The Remedy: Book Two of the Eyes of E’veria by Serena Chase
Amazon Book Description:
PURPOSED by birth. DESTINED by prophecy. REVEALED by Truth.
Now, her time has come.
Having come to terms with her long-hidden identity, Princess Rynnaia E’veri is ready to take her rightful place. But before she can join her father at Castle Rynwyk, she must endeavor to fulfill a 200-year-old prophecy and defeat the Kingdom’s ancient enemy, the Cobelds. Joined by her faithful knight, Sir Julien de Gladiel, and a gifted group of friends, Rynnaia must trek a dangerous path through canyons, forests, and into the very depths of a mountain where, if the prophetic scrolls prove correct, she will face an unknown foe, alone. Treacheries will be discovered, sacrifices will be made, friends will be lost, and love will be tested, but if even one line of the riddled prophecy is misinterpreted, Rynnaia will fail . . . and the Kingdom will fall.
Beginning at the point THE RYN ended, THE REMEDY concludes an epic re-imagining of the classic Grimm fairy tale, Snow White & Rose Red, but the Eyes of E’veria series is only beginning . . . Book 3: The Seahorse Legacy (May 2014) begins an adventurous retelling of the classic Grimm tale, The Twelve Dancing Princesses and an epic scope that will conclude the second 2-book set of the Eyes of E’veria series when Book 4: The Sunken Realm releases in 2015.
I started reading this series because of this book’s absolutely gorgeous cover. I kept reading this series because I was blown away by the first book. Book Two concludes the epic re-imagining of the Grimm classic Snow White and Rose Red.
Plot – Grade A-
Because this is a sequel, it does play catch up for those who haven’t read Book One or haven’t read it recently. However, I thought this was handled well, especially for a novel written in first person, since it is mostly handled in little clarifying asides spread out over the first five or six chapters. Much better than a true, clunky info dump. I really enjoyed the quest portion of the story but even though it is around 140 pages shorter than Book One, it felt longer since the plot slowed to a crawl in some places, particularly in Part One. I enjoyed getting to know the cast of characters introduced in the first book better. But there was a little too much dithering and “we’re getting ready for the quest” and “we’re on the quest but not quite yet” going on for my personal taste. The attempt at a twist toward the end of the book felt very forced this time because I had figured it out from the first time it was mentioned and it pushed the envelope for me to believe that these intelligent characters can’t figure out this one oddity means something different than the assumption the story goes with because it just didn’t make sense for them not to figure it out sooner.
Content – Grade A-
This is a clean fantasy. There is a stronger romance angle as Rynnaia and her knight go from courtship to marriage. But it is all still very chaste and sweet. There’s only three kisses (not counting kisses pressed to her hand) before the marriage and they don’t occur until the very end of the book.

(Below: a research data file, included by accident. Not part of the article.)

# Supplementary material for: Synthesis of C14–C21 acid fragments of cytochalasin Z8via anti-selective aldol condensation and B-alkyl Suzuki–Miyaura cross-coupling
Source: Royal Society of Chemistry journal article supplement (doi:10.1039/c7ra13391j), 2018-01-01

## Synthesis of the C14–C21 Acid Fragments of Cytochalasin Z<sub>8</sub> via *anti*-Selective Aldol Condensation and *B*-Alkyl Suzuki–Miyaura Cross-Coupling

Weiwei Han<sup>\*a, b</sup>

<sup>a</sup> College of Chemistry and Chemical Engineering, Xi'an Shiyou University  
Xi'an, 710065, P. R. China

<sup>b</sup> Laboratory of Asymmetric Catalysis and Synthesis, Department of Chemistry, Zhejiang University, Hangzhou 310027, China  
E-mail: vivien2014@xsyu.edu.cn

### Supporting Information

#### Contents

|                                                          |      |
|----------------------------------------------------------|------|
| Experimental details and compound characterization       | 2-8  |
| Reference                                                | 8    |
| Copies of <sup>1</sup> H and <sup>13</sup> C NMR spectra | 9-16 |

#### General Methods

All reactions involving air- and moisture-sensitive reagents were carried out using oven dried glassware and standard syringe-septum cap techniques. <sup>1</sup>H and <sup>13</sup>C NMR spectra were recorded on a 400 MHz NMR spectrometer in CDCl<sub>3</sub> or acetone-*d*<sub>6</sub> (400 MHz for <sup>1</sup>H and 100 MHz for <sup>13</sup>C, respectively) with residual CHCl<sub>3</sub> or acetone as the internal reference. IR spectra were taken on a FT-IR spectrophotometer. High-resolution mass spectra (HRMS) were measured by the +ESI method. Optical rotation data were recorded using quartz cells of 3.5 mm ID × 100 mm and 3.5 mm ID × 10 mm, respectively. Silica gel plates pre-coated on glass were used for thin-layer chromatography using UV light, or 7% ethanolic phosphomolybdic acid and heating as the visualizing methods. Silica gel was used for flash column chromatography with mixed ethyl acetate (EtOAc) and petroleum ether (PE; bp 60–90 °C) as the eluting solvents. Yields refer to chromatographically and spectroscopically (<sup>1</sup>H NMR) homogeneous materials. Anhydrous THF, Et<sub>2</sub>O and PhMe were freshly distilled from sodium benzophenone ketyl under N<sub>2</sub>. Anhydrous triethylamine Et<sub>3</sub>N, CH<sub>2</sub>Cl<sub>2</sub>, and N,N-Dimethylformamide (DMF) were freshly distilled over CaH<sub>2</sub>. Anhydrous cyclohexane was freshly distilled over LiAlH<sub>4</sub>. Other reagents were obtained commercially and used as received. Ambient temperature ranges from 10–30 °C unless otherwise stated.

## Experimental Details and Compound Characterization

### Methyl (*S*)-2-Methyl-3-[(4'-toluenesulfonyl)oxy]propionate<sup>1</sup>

However, there is one scene where Rynnaia is attacked in her bed by a man with instructions to “ruin” her. There was understandable concern on part of her father and others that the attack had been carried out further than it was but this is handled very tastefully. There is violence and one character dies, but it never comes across as unnecessary or gratuitous.
Rynnaia’s character growth seemed bumpier this time around. She struggles with having faith and hope. However, she also has instances of pride and vanity that come one right after another, which felt forced and rather out of character. It almost seemed to me that there was a fear of Rynnaia being too perfect but the pride and vanity and her consequent angst of how awful she is to feel these things came across as contrived and frankly annoying. I think it would have flowed better if she had dealt with either the pride or the vanity or at least had more space between them .
Spiritually, this book has a much heavier and pronounced thread, which is both good and bad. I liked the clear need to rely on the First. But, the First “shocks” Rynnaia so many times by speaking to her throughout the book that the big spiritual moment at the end is no longer as significant as it could have been. I was actually reduced to rolling my eyes after yet another “gasp of shock” as the First speaks because it happens so often, it made me question WHY it was a shock.
Technical – Grade A-
There were more typos and homophone issues in this book than its predecessor. There were also some formatting issues. In particular, there were several instances where the italics for thoughts and telepathy would be used for regular narration. In one case, the second half of telepathy was left in plain text and the first sentence of narration immediately following was italicized instead. As mentioned before, there are some pacing issues that could have used some further tweaking.
Final Grade – an A- or 4.7 stars
Overall, I enjoyed the book. Even though it wasn’t as flawless as Chase’s previous offering, I still look forward to reading the next entry in The Eyes of E’veria series. I would recommend this book to anyone who is a fan of epic fantasies and imaginative retellings of classic Grimm fairytales and who also enjoys a clean, sweet romance as a side development. Recommended for ages 12 and up.
The Remedy is available through Kindle.
Next Week – Dragon’s Touch by A.R. Johnson